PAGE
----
Helen Clark - Export Institute Annual Dinner
Friday 27 September 2002
Rt Hon Helen Clark
Export Institute Auckland
Ellerslie Convention Centre
Friday 27 September 2002
Thank you for inviting me once again to address this annual dinner.
Almost exactly one year ago I addressed the 2001 dinner. It took place two and a half weeks after the September 11 tragedy in the United States. That, meant that there was considerable uncertainty about the international economy and growth rates were being revised downwards.
While acknowledging the obvious, that what had happened would affect the New Zealand economy, I noted that New Zealand entered the period of uncertainty in a better position than many other countries. Our balance of payments and employment levels were improving, inflation and government debt were low, the government’s fiscal position was strong, and we were experiencing modest growth, backed by a competitive exchange rate.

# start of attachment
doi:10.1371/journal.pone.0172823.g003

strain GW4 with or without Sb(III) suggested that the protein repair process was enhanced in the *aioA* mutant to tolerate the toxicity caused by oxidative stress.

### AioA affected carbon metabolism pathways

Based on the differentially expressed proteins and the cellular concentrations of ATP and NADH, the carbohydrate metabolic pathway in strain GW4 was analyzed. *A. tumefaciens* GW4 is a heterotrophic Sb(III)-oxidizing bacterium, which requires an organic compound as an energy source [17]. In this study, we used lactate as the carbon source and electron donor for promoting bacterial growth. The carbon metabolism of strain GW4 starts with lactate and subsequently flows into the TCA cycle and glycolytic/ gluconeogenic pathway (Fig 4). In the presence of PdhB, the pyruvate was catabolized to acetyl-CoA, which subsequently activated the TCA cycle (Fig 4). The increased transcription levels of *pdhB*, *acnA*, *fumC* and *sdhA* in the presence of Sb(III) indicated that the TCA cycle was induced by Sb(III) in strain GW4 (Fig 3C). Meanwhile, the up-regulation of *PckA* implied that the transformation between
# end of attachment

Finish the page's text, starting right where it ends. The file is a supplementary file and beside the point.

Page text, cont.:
One year down the track it is fair to report that all those factors did indeed contribute to New Zealand faring better than many in what was a difficult year internationally.
- Unemployment has hit a fourteen year low at 5.1 per cent.
- The current account deficit reached an historically low 2.2 per cent of GDP for the year to March 2002, and stood at a still credible 2.5 per cent for the year to June. Forecasts made at the time of the Budget in May were for the deficit to rise to around five per cent in the 2003/4 year and then reduce again.
- The GDP figures released today showed growth of 1.7 per cent in the June quarter, higher than market expectations. That gives an annual growth rate for the June year of 3.5 per cent, and puts New Zealand well into the top half of the OECD growth rates.